Interview with Patrick Sobalvarro, co-founder and CEO of Veo Robotics

Interview with Patrick Sobalvarro, co-founder and CEO of Veo Robotics
Patrick Sobalvarro, co-founder and CEO of Veo Robotics

Interview by Helmuth Fuchs

Moneycab: Mr. Sobalvarro, your startup Veo Robotics raised capital from, amongst others, Google Ventures, Lux Capital Management, Next47 and Baidu Ventures. How much capital did you raise so far, what is the estimated valuation of Veo Robotics and when do you need to start the next financing round?

Patrick Sobalvarro: As of February 2019, Veo has raised $28 million in venture capital funding from investors such as Google Ventures, Lux Capital Management, Siemens Next47, Nikon-SBI Innovation Fund, SBI AI & Blockchain Fund, and Baidu Ventures. Veo is a private company and we can’t disclose our valuation. We also can’t comment on future fundraising.

„As of February 2019, Veo has raised $28 million in venture capital funding from investors.“

Patrick Sobalvarro, co-founder and CEO of Veo Robotics

You want to „free“ robots from their safety cages and let them interact directly with humans. What does that mean in terms of new opportunities for existing robotic installations?

There are 2.5 million standard industrial robots installed around the world. Because they cannot work safely around humans, significant additional automation must be put into place to make up for the absence of humans. This is very inflexible. If even a small fault occurs inside the cage, it can shut down an entire production line.

On the opposite side you have humans performing non-value-added and non-ergonomic work like heavy lifting. Allowing humans and robots to share the same space allows manufacturers to build workcells that take advantage of the speed and strength of robots as well as the intelligence and dexterity of humans. This would unlock enormous value and allow manufacturers to meet modern demands of mass customization, higher product variability and quality expectations, and faster product cycles.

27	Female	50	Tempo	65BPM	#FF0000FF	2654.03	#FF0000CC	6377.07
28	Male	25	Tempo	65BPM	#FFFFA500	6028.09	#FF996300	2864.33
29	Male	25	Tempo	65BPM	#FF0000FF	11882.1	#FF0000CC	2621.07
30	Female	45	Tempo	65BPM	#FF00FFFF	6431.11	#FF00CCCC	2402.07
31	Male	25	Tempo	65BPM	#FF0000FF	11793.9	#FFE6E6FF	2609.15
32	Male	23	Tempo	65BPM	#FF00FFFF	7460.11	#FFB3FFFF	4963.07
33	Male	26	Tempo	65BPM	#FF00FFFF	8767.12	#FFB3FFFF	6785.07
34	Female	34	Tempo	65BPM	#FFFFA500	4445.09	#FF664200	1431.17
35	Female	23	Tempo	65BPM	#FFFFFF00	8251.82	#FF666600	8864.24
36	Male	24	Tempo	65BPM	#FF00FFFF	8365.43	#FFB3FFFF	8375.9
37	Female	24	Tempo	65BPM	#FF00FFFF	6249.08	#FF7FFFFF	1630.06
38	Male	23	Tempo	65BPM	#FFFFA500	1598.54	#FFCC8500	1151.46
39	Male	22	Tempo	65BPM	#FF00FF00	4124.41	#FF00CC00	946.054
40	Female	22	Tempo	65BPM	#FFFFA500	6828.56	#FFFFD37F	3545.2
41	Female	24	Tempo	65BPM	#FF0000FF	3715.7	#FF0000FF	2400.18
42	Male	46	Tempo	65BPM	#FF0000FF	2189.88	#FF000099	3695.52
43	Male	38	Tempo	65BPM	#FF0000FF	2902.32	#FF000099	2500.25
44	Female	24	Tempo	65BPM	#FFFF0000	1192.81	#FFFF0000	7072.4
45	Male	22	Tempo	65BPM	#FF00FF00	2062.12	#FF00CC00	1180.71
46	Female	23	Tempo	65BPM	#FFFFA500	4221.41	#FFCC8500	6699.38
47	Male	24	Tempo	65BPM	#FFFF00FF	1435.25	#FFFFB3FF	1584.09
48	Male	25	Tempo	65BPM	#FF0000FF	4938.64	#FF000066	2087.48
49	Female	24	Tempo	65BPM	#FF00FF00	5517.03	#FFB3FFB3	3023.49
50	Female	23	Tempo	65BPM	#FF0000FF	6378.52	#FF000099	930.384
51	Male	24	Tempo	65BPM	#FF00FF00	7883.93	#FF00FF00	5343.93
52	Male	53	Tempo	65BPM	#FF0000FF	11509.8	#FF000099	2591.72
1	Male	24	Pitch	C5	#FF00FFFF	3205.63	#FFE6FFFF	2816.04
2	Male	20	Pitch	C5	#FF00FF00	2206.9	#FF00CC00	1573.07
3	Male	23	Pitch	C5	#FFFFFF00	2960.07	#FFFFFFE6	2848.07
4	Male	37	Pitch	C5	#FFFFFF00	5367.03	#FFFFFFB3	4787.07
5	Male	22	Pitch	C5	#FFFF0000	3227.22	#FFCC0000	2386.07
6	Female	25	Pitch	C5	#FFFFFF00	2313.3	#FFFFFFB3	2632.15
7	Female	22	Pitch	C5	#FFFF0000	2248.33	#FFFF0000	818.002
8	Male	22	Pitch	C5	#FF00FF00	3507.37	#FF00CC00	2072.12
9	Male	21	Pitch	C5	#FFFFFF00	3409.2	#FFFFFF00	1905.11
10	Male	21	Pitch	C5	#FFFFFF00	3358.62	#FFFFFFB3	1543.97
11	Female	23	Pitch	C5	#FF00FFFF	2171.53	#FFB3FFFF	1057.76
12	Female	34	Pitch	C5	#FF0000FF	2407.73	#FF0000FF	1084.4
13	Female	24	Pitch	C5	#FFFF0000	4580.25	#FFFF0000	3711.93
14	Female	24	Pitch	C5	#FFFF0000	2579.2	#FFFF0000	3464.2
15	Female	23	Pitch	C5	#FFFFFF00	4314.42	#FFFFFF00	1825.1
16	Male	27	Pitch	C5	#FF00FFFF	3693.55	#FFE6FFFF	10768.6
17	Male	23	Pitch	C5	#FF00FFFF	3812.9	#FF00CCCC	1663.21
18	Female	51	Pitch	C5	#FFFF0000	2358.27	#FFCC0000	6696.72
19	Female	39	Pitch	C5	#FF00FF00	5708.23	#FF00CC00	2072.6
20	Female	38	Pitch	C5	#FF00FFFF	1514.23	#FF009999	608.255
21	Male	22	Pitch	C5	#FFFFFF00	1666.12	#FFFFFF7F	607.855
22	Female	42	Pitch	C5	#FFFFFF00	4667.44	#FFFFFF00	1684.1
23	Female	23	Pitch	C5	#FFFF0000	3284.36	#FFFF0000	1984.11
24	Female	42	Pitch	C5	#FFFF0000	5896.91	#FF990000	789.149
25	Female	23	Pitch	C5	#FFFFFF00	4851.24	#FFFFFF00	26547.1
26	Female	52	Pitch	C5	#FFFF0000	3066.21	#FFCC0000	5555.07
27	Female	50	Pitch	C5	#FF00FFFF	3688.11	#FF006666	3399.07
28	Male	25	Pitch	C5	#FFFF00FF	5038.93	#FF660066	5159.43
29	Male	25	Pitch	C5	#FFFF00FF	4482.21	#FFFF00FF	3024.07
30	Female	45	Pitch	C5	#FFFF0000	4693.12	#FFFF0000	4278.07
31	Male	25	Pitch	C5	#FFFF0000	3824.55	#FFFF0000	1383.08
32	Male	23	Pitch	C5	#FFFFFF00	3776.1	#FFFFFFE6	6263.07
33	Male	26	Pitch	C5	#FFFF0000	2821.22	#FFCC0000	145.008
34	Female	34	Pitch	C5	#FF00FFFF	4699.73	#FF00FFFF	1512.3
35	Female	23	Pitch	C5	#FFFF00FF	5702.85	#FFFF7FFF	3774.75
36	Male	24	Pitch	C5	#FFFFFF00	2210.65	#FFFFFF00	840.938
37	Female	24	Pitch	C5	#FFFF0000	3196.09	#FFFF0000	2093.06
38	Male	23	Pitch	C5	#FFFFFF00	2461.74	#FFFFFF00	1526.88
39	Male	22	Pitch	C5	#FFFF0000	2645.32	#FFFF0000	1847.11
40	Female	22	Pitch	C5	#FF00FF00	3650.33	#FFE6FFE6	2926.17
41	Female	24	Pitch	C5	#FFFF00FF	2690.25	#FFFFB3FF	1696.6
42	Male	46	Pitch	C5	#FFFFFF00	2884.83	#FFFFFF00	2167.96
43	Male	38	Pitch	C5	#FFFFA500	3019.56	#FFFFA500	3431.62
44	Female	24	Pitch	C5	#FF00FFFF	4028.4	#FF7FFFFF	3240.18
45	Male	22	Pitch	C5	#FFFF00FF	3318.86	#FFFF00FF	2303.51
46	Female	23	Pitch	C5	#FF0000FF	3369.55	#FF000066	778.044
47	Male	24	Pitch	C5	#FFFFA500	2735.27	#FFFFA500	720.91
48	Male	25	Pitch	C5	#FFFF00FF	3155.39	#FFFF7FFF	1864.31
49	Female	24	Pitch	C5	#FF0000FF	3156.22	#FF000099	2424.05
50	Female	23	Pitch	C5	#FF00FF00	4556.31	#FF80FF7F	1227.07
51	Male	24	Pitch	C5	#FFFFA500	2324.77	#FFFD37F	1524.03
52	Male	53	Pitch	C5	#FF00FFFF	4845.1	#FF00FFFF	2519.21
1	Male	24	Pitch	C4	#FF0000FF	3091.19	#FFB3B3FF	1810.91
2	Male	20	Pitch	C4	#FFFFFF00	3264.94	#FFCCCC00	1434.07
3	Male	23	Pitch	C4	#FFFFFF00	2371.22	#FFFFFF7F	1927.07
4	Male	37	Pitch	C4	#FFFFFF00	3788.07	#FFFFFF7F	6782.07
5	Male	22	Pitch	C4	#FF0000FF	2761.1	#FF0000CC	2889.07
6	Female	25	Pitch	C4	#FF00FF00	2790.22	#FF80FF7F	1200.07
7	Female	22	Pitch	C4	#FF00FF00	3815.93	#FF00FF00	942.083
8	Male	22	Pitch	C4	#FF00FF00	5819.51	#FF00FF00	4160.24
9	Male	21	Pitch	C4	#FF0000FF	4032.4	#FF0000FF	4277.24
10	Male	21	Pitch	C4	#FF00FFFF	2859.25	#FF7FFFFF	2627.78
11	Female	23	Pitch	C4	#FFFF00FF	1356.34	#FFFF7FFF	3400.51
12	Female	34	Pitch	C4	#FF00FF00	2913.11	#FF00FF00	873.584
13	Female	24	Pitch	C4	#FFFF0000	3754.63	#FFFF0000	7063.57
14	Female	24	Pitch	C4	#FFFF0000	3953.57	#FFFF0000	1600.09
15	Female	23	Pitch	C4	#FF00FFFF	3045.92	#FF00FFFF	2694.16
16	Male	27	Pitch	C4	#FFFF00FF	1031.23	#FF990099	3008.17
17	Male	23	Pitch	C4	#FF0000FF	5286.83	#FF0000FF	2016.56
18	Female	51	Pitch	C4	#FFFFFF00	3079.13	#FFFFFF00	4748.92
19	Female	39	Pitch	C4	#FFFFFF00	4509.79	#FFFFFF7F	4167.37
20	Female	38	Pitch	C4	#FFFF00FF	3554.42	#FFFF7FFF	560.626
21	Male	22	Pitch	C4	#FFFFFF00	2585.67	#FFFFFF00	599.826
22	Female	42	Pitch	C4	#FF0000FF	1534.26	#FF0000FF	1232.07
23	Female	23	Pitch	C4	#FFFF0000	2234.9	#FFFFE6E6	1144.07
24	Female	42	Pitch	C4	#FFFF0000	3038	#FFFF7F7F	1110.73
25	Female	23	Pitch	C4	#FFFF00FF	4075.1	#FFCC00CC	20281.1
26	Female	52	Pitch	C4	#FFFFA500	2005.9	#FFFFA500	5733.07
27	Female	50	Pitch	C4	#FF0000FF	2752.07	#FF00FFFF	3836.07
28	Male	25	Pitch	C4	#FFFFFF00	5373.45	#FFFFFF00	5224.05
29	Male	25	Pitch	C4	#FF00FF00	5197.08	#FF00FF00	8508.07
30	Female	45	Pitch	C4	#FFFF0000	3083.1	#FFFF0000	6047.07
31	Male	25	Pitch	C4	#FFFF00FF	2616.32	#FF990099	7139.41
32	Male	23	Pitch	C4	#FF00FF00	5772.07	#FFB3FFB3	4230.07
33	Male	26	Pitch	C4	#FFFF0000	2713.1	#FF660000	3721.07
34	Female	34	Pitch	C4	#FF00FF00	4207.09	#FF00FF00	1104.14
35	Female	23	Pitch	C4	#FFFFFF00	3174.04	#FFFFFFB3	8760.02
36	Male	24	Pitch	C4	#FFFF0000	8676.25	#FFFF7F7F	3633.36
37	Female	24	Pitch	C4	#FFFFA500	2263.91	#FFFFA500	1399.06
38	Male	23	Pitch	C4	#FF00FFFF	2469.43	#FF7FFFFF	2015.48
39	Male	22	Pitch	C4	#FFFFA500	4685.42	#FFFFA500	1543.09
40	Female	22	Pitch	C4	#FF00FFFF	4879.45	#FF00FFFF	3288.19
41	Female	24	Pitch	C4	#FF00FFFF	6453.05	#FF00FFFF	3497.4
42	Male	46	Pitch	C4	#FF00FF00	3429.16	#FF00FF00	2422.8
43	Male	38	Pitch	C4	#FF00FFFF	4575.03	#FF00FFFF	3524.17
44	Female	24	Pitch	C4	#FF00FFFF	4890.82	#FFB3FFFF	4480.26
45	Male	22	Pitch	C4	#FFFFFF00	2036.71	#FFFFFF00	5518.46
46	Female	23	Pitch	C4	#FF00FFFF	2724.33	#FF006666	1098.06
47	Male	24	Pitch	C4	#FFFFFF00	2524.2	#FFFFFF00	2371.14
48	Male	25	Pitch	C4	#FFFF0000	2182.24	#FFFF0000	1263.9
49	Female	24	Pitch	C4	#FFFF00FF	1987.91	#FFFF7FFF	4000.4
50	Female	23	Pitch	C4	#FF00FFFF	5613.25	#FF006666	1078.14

Your first product, the FreeMove Application Development Kit is available now, consisting of sensors, a computing platform and software. What is the target market for it, how much support and customization is needed from your side to put it to work at a customer’s site?

The FreeMove™ Application Development Kit (ADK) is an early release of our product, FreeMove™. With the FreeMove™ ADK, users can design collaborative production applications in advance of the safety-certified production-ready version. This will allow our customers to quickly implement collaborative workcells once FreeMove™ is released.

„Our technology does not require any customization and is robot-agnostic, meaning it works with all of the big four robot manufacturers: Fanuc, Kuka, Yaskawa, and ABB.“

Our customers include manufacturers in industries such as automotive, durable goods, oil and gas, household appliances, and aviation. We work closely with our customers—we spend several days with them on-site for training and set-up and provide ongoing support post-installation. Our technology does not require any customization and is robot-agnostic, meaning it works with all of the big four robot manufacturers: Fanuc, Kuka, Yaskawa, and ABB. Engineers don’t need to change how they program their robots––they can simply layer Veo’s solution on top of their existing programs and controls. 

What will be the next deliverable from Veo Robotics and what is your ultimate vision for your startup?

Veo will soon be launching the Veo FreeMove system, which includes proprietary software running on custom hardware. The FreeMove system includes FreeMove Sensors (four-eight custom, safety-certified, 3D time-of-flight sensors), the FreeMove Engine™ (a high-power computing platform that processes image data from the sensors and implements Speed & Separation Monitoring (per ISO15066), and the FreeMove Studio™ (proprietary software for self-service set-up, configuration, and real-time visualization of the sensors and FreeMove™ Engine data).

At Veo, we envision a future where humans and industrial robots work safely side-by-side. By enabling efficient and safe human-machine interaction, we aim to transform manufacturing by making workcells, and, ultimately, production lines, more flexible.